That second answer is for fairy tales, in the society we live in, or only possible between two people who love each other while honestly, openly accepting each other’s faults, a rare thing. Easier to shift the blame off yourself, particularly in a highly competitive culture like the one we live in, where one is expected to defend oneself at all costs.
We have not been raised in a generally cooperative society, we don’t solve mutual problems as a group, (ironic in a democracy, that), but see and are forced to accept unilateralism daily in our own lives, in the workplace, we can hear it reported in the news every day as part of public life. One unmovable person, in the right strategic position, has the power to hold up a solution for an entire family, or, in the case of government, thwart a solution for the unmet needs of millions.
We also don’t have a social support system in America for, or a history of, group problem solving, no respected wise elders available for advising on disputes between loved ones, outside of family court and the ever-popular divorce court. In our combative society we’re rewarded for playing hard and winning, not for daydreaming and refusing to compete.
A glance around, at the boiling hatred that animates so many of the world’s billions right now, shows us that a conversation based on the need for love will not get very far. If you are a Muslim in India, ruled as it is by a hard-line Hindu Nationalist party, you do not expect love, or even respect, from your government. Love is for the immediate family, the tribe, and people everywhere are always ready to fight for that. For outsiders, the Other, all bets are currently off. The question is: how do we best restrain heartlessness?
Seeing how hard it can be between individuals who care about each other to always show kindness, we can multiply the difficulty of mitigating group heartlessness by a million or so. The common, grim view of humanity is that we are all flawed, corrupt, out primarily for ourselves, and that we, if given the power, would fuck others we don’t care about as nonchalantly as those in power routinely do to the powerless. Given this view, held by billions, the best we can shoot for is limiting the heartlessness of those with the power to inflict humiliating conditions on others.
The dean quoted at the top obliquely references Hillel’s Golden Rule when she notes “that the heartless, those who govern by rules which they would not prescribe for themselves, must be restrained in that situation.” A wealthy legislator who lives on a yacht, rakes in a tidy sum from his coal interests, and is well-funded by the nation’s greatest toxic polluters, does not consider himself heartless just because he opposes any law that would hurt his family’s bottom line. He simply loves his damned family and wants to make them wealthier! A woman who campaigned as a progressive, promised to fight for fairness and equality, be an advocate for the oppressed, and then takes $750,000 in campaign donations from pharmaceutical corporations that benefit from the current health insurance laws in the US, does not consider herself heartless, or hypocritical, when she opposes any changes her generous sponsors would not like.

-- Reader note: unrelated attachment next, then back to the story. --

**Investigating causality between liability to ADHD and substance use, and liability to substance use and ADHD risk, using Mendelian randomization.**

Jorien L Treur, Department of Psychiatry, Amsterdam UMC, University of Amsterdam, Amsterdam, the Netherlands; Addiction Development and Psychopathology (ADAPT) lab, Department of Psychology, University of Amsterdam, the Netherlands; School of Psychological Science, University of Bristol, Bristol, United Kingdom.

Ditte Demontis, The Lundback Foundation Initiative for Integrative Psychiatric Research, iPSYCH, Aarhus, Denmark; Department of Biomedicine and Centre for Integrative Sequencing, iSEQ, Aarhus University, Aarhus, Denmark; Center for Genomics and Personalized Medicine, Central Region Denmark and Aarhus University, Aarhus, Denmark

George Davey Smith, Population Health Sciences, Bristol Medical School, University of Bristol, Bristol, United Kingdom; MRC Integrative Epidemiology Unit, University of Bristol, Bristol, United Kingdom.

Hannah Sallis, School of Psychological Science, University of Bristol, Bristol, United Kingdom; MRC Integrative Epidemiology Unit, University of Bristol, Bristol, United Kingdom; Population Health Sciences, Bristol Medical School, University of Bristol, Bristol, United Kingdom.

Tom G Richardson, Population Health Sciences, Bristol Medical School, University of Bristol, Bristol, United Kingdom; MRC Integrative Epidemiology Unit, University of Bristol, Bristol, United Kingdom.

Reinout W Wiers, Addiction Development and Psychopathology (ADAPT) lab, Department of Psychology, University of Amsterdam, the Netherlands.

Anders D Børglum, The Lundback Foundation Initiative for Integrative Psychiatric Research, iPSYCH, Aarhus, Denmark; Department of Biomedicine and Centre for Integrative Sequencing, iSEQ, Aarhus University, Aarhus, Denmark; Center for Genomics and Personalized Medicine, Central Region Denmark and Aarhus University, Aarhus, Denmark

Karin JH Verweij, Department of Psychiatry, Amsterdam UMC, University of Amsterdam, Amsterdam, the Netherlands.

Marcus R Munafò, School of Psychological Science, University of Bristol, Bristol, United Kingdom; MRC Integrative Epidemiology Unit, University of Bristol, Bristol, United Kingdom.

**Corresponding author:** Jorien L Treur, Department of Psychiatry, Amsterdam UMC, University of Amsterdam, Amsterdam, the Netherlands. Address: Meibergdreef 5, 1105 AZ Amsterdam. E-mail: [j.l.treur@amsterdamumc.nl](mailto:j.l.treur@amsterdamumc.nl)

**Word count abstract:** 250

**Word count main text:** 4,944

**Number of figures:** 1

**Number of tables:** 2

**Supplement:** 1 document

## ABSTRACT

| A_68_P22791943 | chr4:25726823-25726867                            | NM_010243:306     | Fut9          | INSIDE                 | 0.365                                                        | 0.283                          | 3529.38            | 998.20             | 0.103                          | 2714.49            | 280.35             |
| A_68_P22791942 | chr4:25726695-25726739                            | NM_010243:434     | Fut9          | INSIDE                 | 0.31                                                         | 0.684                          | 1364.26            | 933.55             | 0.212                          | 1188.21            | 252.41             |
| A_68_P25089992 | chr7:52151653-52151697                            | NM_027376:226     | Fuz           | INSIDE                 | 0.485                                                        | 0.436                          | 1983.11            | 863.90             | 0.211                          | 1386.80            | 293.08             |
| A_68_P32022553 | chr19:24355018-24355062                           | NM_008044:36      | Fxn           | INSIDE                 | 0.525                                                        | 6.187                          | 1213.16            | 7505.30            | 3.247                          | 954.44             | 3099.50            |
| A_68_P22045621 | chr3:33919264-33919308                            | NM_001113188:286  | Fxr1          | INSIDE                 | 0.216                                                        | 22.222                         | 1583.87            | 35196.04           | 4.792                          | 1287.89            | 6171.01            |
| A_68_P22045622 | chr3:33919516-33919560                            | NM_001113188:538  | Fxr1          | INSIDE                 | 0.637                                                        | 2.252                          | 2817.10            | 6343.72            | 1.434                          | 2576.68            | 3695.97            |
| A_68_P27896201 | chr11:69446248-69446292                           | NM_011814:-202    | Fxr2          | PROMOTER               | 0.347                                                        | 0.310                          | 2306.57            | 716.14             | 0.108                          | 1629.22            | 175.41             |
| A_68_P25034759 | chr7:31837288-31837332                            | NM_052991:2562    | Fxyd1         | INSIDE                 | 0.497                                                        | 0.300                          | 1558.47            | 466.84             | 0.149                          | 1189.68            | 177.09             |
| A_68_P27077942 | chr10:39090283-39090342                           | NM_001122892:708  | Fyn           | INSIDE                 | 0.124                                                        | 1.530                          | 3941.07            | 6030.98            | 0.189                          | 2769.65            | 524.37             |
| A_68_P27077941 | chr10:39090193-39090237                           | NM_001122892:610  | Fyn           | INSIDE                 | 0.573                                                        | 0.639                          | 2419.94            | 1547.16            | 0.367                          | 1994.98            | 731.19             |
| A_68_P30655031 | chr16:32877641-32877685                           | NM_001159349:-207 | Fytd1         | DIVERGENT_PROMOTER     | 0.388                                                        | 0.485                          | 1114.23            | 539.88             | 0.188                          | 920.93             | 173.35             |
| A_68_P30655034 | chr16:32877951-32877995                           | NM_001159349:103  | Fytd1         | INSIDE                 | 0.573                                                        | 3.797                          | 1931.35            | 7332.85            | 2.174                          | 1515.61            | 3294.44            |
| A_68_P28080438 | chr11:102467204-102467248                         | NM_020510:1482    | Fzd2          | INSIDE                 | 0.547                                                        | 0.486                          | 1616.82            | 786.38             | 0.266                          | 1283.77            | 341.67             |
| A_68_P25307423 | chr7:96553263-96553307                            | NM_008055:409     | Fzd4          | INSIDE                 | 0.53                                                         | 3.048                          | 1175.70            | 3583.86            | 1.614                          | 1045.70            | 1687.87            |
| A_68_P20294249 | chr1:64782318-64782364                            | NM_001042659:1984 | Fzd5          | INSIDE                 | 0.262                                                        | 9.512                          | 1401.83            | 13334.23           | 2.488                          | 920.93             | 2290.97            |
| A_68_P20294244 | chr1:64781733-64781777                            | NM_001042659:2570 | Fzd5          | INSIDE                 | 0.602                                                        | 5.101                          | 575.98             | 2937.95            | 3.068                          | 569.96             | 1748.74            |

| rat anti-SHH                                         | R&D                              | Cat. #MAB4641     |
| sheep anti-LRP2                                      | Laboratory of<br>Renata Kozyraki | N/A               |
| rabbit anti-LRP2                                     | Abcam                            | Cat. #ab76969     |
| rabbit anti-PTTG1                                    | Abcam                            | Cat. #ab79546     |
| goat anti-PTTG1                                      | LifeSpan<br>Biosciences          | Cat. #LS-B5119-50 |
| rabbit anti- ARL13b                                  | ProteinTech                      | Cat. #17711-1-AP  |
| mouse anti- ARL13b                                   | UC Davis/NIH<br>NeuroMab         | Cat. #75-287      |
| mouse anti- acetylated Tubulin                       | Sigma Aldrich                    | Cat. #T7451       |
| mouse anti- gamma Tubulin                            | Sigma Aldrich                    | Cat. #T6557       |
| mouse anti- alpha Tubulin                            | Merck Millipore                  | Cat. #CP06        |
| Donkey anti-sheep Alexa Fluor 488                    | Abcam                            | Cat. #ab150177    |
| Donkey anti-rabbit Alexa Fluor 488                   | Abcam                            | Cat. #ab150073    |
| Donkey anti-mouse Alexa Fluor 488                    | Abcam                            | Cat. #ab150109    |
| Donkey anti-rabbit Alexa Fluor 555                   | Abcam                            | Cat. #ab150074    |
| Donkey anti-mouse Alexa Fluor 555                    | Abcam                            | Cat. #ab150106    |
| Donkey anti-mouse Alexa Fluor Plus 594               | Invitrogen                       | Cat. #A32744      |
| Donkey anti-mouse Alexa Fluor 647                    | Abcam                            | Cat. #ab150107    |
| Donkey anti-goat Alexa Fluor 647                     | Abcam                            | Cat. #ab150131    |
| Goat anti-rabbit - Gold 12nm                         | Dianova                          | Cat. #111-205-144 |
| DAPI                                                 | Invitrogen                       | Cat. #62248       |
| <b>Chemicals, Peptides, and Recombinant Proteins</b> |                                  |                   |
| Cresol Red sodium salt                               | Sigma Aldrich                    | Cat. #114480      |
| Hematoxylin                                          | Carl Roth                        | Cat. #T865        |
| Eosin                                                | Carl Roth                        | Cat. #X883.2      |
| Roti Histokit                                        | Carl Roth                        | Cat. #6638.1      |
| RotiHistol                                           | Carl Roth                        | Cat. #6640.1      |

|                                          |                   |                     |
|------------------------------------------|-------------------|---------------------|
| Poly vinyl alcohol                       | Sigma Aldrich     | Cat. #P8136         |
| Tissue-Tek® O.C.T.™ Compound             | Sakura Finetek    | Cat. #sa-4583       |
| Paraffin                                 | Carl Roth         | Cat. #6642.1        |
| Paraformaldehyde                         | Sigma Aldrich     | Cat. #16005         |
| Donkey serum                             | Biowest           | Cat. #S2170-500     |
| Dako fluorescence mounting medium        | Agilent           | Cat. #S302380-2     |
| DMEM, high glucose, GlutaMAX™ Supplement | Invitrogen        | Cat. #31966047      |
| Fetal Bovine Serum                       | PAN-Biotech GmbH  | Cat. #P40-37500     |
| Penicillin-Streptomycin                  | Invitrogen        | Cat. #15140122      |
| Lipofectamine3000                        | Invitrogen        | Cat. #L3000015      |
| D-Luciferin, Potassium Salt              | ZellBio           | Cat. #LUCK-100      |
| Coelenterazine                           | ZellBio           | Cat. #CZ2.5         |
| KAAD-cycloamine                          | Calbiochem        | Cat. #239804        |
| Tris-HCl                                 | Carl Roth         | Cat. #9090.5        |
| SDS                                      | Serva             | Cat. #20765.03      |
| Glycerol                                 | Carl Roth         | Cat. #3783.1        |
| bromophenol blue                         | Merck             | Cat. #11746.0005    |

When you ask a proven heartless partisan like Mitch McConnell, as Chuck Schumer did the other day, for a procedural compromise to prevent the scorched earth that McConnell’s threat to filibuster raising the debt ceiling will inevitably produce, you will always get some variation on this: “There is no chance, no chance the Republican conference will go out of our way to help Democrats conserve their time and energy, so they can resume ramming through partisan socialism as fast as possible.”
Politics in the USA as usual. The heartless (and ridiculously exaggerated) claim here is that Democrats are attempting to ram through a hateful, partisan, socialist agenda, including securing the ability to continue paying for a debt that McConnell’s party increased by 25% during the four years of a popular, angry, incompetent game show host’s presidency. That McConnell’s claim is incoherent makes it no less compelling in today’s heartless, zero-sum, sound bite-driven polity. I’ve got no solution for this, except to urge strength to the arms of those in power who find themselves in the humiliating position an incoherent set of loudly amplified self-serving lies has placed us all in. Love them or hate them, the heartless must be fought and restrained with everything we have.